If you’ve spent any time on a subway platform or at a bus stop lately, you may have witnessed one of the great success stories of open government data.
All of those people checking the arrival and departure times of trains, trolleys and buses are consuming applications built with open transit data.
It’s a great example of how open data has changed (and continues to change) the way we use public transit, and the role of transit agencies in developing consumer-facing applications.
There is a really interesting post over on the Google “Policy by the Numbers” blog that examines some of the reasons that open transit data has had such a dramatic impact in places where it has been embraced (h/t to O’Reilly Media’s Alex Howard for the link).
There are lots of smart people asking tough questions about civic hacking and hackathons as the new year begins – a new year that promises to see lots of action on the civic hacking front.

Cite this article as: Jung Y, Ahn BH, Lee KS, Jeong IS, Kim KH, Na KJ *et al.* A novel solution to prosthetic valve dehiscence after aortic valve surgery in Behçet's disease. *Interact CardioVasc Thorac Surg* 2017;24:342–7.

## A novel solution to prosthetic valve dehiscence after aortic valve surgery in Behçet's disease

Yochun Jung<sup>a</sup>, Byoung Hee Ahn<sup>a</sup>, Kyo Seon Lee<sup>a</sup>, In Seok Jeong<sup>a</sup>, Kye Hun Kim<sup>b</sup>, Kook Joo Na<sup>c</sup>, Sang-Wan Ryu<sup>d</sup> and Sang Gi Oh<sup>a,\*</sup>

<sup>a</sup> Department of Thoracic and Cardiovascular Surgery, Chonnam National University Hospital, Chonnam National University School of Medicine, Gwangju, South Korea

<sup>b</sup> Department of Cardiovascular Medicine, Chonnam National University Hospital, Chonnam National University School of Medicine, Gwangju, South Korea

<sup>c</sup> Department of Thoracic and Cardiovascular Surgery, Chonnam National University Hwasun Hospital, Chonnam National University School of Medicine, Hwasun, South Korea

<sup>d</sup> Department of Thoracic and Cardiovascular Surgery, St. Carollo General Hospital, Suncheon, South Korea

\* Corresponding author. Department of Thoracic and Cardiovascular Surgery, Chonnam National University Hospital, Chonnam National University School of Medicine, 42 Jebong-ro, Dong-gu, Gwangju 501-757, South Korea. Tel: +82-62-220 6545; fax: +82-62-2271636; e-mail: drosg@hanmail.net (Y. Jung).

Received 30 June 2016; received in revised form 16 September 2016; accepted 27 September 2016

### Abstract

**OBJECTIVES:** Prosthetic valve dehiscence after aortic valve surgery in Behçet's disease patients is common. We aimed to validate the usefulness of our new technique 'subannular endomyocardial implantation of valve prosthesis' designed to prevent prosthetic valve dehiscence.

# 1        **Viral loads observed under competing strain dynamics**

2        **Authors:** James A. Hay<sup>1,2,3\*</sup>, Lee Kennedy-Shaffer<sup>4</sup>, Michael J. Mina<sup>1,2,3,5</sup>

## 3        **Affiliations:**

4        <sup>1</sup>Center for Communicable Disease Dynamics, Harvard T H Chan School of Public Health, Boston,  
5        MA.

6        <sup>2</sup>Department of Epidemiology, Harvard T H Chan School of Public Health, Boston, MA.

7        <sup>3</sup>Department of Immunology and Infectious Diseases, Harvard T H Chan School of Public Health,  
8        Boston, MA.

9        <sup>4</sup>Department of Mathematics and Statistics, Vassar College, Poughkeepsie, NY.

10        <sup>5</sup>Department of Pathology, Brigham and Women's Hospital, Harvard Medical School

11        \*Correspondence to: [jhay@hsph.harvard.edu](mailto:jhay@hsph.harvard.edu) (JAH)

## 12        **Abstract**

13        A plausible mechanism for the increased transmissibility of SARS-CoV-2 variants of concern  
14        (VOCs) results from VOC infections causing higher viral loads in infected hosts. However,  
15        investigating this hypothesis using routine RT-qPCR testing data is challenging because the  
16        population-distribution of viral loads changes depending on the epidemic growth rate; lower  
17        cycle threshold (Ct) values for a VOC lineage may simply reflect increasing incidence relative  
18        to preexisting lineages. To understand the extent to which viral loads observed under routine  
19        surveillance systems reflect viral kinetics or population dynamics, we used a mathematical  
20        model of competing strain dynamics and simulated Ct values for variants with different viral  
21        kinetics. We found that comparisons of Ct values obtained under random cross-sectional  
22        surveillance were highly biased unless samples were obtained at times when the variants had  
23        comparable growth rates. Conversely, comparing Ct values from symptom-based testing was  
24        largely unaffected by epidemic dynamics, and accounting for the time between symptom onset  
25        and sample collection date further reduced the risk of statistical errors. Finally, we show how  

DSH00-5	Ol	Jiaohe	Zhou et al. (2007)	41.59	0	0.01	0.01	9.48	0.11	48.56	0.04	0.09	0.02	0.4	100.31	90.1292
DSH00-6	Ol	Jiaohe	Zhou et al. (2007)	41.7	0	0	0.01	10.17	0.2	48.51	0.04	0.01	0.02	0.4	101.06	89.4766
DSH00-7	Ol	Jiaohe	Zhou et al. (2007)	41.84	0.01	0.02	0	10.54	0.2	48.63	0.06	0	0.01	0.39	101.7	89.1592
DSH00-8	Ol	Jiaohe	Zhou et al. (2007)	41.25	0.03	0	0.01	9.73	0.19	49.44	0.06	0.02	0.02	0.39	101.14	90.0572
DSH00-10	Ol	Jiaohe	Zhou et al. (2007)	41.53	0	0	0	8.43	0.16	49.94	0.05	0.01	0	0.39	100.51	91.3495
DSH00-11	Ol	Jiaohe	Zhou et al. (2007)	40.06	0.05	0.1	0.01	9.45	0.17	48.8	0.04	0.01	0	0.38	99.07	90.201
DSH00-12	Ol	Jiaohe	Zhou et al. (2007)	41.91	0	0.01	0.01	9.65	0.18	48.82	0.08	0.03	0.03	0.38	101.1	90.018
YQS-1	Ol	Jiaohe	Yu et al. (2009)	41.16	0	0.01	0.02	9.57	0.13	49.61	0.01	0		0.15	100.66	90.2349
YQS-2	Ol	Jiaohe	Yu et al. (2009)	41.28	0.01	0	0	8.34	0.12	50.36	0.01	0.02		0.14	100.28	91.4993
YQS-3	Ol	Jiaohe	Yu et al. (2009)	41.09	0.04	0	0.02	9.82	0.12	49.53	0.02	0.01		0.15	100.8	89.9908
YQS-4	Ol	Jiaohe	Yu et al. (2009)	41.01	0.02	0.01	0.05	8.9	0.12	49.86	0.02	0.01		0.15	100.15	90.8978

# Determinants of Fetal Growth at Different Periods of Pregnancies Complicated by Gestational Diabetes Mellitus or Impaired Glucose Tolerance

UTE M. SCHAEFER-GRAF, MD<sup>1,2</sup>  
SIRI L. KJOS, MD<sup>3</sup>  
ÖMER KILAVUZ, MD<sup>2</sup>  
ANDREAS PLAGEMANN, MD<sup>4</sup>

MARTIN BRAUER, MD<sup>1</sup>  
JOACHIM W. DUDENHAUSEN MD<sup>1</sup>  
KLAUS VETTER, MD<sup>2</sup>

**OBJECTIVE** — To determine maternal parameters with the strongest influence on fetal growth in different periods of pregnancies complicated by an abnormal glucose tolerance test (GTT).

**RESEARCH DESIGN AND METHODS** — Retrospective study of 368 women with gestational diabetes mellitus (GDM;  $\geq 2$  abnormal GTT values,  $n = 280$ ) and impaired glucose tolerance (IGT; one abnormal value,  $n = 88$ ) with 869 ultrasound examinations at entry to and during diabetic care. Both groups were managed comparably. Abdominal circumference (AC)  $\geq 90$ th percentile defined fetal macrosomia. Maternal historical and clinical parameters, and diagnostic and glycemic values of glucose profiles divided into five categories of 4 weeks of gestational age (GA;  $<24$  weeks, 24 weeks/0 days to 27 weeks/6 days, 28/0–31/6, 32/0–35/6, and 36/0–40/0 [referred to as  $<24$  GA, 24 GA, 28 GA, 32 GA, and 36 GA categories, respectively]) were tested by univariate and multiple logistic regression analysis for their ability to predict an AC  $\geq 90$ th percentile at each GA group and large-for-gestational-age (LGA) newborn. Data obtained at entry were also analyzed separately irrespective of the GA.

I think this is a good thing. The more we examine how civic hackathons work and the more we evaluate what they produce, the better we’ll get at running them and the more we’ll all get out of them.
A lot happened in the world of civic hacking, open data and hackathons in 2011. But does all of this activity matter? Are the events and activities we are seeing in the civic hacking space making a lasting difference? Is the civic hackathon a construct that we will see used in the long run to promote new ideas and lasting civic change?
In a word, yes. Let me explain.